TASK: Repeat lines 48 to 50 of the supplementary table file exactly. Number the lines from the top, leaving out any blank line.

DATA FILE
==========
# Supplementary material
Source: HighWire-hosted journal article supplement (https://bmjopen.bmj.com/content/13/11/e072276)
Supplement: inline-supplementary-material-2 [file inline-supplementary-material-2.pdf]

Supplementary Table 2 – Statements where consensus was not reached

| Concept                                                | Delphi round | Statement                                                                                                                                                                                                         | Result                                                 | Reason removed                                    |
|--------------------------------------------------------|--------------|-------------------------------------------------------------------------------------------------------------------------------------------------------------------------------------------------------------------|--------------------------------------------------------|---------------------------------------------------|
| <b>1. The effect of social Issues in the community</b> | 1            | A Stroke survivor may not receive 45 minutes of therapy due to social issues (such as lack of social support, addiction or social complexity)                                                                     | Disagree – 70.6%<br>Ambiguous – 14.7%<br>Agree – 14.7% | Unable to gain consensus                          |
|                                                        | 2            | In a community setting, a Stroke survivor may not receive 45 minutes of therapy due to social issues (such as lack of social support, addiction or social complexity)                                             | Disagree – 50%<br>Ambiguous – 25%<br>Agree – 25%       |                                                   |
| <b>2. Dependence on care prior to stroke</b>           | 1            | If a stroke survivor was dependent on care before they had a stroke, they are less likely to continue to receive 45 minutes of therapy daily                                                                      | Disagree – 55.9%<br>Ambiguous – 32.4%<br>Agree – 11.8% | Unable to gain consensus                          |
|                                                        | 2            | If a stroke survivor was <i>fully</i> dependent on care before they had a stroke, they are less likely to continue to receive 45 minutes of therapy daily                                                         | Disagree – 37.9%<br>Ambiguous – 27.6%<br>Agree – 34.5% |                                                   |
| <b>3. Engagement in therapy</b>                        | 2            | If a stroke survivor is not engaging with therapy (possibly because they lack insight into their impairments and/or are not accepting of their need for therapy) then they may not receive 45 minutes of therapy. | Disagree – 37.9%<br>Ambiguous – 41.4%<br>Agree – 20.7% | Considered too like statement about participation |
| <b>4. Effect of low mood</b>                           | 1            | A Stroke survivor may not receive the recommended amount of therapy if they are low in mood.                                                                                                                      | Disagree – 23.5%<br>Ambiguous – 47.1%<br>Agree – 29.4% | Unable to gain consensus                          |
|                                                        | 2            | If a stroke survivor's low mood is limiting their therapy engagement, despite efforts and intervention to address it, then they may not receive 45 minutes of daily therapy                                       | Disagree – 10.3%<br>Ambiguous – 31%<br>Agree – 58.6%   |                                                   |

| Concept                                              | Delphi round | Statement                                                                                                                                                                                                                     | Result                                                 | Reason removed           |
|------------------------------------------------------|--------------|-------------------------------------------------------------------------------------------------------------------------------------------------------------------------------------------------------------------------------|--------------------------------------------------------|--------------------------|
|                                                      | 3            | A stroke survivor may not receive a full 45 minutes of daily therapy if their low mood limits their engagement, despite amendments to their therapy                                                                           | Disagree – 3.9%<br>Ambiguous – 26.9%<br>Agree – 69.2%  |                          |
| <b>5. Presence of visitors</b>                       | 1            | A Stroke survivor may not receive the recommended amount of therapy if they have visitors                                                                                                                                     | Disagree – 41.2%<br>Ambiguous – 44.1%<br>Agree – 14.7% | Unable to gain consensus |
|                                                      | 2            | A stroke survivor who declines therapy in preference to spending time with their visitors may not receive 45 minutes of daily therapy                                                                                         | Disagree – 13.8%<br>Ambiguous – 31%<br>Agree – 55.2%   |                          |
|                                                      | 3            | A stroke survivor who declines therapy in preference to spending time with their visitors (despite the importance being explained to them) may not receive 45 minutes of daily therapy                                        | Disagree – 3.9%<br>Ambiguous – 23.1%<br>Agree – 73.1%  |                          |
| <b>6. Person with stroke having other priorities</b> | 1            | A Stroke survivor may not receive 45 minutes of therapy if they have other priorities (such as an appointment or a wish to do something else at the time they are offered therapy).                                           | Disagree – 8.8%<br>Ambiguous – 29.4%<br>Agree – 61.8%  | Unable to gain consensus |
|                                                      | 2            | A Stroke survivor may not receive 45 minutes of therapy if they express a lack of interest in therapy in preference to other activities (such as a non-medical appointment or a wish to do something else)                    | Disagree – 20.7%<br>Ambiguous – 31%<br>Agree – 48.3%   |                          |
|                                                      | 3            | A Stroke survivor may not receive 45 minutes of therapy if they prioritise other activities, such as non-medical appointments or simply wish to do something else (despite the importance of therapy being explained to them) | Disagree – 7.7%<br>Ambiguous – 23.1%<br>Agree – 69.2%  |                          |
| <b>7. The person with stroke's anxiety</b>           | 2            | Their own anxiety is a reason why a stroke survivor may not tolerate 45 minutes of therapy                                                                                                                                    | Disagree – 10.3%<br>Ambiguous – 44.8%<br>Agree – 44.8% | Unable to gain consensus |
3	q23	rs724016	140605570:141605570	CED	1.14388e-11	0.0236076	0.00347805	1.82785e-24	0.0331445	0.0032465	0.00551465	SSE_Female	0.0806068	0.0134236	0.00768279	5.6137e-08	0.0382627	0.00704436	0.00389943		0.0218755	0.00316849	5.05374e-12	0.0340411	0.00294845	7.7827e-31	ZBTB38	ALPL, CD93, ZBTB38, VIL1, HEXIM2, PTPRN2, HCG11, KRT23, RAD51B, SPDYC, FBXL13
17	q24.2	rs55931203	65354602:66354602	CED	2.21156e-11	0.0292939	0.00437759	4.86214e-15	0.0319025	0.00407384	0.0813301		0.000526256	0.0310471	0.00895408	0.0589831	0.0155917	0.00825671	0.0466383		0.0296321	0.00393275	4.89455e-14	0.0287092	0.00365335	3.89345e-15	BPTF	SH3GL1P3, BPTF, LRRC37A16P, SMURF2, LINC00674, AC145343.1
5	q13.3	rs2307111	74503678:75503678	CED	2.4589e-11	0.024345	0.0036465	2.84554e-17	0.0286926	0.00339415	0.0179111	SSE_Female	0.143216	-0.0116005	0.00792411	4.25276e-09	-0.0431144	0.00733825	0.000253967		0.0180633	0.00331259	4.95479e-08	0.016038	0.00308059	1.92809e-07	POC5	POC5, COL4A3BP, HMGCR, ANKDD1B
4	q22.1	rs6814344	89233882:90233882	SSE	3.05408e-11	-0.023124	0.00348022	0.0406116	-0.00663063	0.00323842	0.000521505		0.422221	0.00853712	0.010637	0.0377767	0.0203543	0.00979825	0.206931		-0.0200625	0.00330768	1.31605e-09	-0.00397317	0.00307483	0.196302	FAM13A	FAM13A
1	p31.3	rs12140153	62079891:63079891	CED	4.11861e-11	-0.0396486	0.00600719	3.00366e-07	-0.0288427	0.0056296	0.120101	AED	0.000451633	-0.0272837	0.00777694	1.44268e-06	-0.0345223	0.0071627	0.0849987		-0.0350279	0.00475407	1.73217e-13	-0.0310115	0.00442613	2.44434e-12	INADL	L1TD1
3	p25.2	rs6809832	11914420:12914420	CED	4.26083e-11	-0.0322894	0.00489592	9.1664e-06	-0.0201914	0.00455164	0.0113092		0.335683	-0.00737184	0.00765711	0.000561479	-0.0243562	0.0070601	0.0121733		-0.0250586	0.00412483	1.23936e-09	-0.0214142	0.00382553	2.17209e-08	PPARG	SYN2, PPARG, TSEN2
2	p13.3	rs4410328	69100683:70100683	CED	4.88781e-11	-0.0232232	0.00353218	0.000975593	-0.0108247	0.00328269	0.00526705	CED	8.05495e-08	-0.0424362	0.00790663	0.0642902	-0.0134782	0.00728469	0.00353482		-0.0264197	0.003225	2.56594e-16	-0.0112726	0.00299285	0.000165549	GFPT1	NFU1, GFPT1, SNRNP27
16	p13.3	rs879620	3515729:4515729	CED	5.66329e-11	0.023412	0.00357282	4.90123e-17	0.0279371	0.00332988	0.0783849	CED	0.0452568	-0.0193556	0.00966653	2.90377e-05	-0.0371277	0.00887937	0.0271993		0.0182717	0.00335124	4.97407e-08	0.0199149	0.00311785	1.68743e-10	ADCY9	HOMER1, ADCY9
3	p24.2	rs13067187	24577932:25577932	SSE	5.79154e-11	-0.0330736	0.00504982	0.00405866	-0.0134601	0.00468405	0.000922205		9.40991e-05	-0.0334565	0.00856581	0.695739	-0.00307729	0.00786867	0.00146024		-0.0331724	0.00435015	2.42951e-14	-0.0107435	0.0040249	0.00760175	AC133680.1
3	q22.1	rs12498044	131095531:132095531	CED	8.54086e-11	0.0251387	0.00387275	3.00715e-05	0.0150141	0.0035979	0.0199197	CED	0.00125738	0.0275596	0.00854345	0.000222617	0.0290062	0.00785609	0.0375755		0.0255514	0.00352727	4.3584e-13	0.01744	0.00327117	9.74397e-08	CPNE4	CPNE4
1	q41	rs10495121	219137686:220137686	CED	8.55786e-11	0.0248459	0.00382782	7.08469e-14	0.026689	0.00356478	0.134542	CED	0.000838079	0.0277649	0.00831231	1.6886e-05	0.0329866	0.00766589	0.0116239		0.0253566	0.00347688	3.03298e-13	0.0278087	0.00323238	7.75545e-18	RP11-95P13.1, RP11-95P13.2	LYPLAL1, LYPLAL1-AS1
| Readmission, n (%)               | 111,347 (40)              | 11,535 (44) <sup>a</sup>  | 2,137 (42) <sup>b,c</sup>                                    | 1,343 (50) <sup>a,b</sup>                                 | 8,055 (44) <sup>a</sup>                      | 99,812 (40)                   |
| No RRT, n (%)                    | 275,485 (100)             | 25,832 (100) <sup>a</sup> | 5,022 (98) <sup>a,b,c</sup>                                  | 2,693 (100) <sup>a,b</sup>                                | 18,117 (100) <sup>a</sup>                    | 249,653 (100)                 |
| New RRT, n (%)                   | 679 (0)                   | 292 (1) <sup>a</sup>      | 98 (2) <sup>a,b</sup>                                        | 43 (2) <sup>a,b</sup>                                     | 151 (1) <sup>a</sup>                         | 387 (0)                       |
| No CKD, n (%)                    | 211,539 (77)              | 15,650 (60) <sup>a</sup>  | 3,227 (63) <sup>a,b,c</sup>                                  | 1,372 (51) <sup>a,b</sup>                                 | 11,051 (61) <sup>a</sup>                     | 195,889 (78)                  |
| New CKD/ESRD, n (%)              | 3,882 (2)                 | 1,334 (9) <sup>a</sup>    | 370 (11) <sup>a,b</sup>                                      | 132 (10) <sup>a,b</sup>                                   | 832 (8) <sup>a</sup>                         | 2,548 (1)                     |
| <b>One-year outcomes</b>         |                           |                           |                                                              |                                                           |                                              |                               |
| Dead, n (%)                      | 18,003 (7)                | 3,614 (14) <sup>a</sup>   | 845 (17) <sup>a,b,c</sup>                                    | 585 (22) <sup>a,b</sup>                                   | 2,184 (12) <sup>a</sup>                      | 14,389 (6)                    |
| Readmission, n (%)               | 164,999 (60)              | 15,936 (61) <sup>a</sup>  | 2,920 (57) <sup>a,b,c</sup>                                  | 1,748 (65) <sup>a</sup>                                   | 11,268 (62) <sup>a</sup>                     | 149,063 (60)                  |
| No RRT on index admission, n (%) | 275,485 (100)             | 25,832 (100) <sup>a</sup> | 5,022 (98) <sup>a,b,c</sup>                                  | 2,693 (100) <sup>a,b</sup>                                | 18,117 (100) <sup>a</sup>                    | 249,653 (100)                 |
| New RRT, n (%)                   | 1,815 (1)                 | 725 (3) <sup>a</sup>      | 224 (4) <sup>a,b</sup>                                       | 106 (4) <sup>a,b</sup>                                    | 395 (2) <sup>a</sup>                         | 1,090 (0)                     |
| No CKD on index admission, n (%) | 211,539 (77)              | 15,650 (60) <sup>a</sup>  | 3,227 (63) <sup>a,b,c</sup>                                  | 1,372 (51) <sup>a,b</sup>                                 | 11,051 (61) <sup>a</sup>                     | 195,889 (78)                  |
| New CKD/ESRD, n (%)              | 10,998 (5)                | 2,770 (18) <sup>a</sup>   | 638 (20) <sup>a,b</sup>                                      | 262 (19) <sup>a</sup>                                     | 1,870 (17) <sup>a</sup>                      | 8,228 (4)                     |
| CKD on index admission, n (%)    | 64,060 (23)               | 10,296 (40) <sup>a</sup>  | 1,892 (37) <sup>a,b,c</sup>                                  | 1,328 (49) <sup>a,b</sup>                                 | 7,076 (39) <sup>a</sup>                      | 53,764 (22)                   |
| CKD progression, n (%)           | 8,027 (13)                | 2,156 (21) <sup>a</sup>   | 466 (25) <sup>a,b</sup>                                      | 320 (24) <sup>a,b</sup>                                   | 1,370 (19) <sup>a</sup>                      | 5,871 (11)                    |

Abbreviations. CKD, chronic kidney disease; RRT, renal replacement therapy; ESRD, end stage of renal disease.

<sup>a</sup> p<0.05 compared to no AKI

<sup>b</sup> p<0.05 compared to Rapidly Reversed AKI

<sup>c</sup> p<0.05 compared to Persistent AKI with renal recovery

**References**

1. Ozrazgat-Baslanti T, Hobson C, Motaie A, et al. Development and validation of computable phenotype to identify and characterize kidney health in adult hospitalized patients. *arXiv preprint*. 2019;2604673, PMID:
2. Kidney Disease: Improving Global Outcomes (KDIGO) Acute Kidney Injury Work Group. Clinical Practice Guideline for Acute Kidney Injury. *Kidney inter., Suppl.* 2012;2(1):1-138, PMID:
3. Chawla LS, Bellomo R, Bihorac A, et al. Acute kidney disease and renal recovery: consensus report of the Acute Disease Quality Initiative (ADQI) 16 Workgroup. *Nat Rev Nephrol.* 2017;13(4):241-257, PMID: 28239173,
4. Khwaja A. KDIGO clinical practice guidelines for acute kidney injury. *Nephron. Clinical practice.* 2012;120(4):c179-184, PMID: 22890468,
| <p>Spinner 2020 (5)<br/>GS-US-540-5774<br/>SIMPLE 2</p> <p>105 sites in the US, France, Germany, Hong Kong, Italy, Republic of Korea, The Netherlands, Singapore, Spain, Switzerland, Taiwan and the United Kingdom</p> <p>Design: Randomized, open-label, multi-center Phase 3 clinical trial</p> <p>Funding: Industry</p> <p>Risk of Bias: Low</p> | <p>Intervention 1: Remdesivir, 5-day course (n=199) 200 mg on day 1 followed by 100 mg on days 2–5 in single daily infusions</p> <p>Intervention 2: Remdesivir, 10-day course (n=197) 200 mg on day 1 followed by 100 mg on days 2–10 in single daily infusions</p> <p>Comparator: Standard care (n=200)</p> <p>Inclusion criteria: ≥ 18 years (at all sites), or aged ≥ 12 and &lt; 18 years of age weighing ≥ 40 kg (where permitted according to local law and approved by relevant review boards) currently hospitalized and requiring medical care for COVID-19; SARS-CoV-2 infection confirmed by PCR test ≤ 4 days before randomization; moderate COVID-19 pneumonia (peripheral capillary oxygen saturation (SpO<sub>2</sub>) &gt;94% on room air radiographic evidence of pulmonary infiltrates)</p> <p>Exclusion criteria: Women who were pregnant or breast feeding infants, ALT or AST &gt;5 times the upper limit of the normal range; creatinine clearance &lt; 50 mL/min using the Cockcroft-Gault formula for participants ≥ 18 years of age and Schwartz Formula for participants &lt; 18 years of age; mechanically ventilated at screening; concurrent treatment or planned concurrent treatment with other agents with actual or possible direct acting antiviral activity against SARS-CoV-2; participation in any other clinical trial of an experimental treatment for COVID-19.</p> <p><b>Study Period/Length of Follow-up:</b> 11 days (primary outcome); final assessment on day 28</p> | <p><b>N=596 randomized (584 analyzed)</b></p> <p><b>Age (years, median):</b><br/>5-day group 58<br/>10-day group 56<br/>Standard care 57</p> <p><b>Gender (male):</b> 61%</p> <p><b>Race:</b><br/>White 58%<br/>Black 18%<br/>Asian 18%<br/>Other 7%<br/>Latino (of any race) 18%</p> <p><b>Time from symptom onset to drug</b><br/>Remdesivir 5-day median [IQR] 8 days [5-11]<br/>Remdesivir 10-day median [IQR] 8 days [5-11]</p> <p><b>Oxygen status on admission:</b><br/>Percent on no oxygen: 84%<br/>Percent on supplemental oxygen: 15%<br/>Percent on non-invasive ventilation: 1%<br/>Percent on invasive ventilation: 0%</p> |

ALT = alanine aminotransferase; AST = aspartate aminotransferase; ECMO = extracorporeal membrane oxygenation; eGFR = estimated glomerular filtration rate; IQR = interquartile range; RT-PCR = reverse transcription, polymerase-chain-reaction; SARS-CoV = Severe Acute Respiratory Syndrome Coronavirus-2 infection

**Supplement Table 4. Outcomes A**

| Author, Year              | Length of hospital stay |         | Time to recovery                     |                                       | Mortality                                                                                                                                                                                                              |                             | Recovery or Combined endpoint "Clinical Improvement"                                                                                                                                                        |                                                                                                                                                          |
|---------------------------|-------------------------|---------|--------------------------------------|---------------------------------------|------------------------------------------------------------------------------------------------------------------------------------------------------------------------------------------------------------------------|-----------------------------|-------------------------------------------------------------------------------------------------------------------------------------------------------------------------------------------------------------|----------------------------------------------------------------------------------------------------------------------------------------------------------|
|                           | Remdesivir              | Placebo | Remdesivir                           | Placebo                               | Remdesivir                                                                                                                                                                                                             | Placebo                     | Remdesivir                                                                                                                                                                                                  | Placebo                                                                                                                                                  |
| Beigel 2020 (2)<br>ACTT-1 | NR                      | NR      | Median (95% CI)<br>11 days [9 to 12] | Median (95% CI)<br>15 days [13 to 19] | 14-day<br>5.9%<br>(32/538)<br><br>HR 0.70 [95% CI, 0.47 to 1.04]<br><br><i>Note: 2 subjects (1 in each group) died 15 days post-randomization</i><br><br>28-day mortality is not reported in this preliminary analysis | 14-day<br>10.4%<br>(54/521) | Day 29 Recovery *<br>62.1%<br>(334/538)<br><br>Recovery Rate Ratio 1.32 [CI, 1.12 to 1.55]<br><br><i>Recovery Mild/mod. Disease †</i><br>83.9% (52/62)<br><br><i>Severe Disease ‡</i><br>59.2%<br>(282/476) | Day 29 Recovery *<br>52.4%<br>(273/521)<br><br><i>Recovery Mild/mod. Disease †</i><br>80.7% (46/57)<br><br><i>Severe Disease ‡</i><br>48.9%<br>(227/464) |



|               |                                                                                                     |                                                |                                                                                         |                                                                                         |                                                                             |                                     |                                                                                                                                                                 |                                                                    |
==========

| CKD progression, n (%)           | 8,027 (13)                | 2,156 (21) <sup>a</sup>   | 466 (25) <sup>a,b</sup>                                      | 320 (24) <sup>a,b</sup>                                   | 1,370 (19) <sup>a</sup>                      | 5,871 (11)                    |

Abbreviations. CKD, chronic kidney disease; RRT, renal replacement therapy; ESRD, end stage of renal disease.

<sup>a</sup> p<0.05 compared to no AKI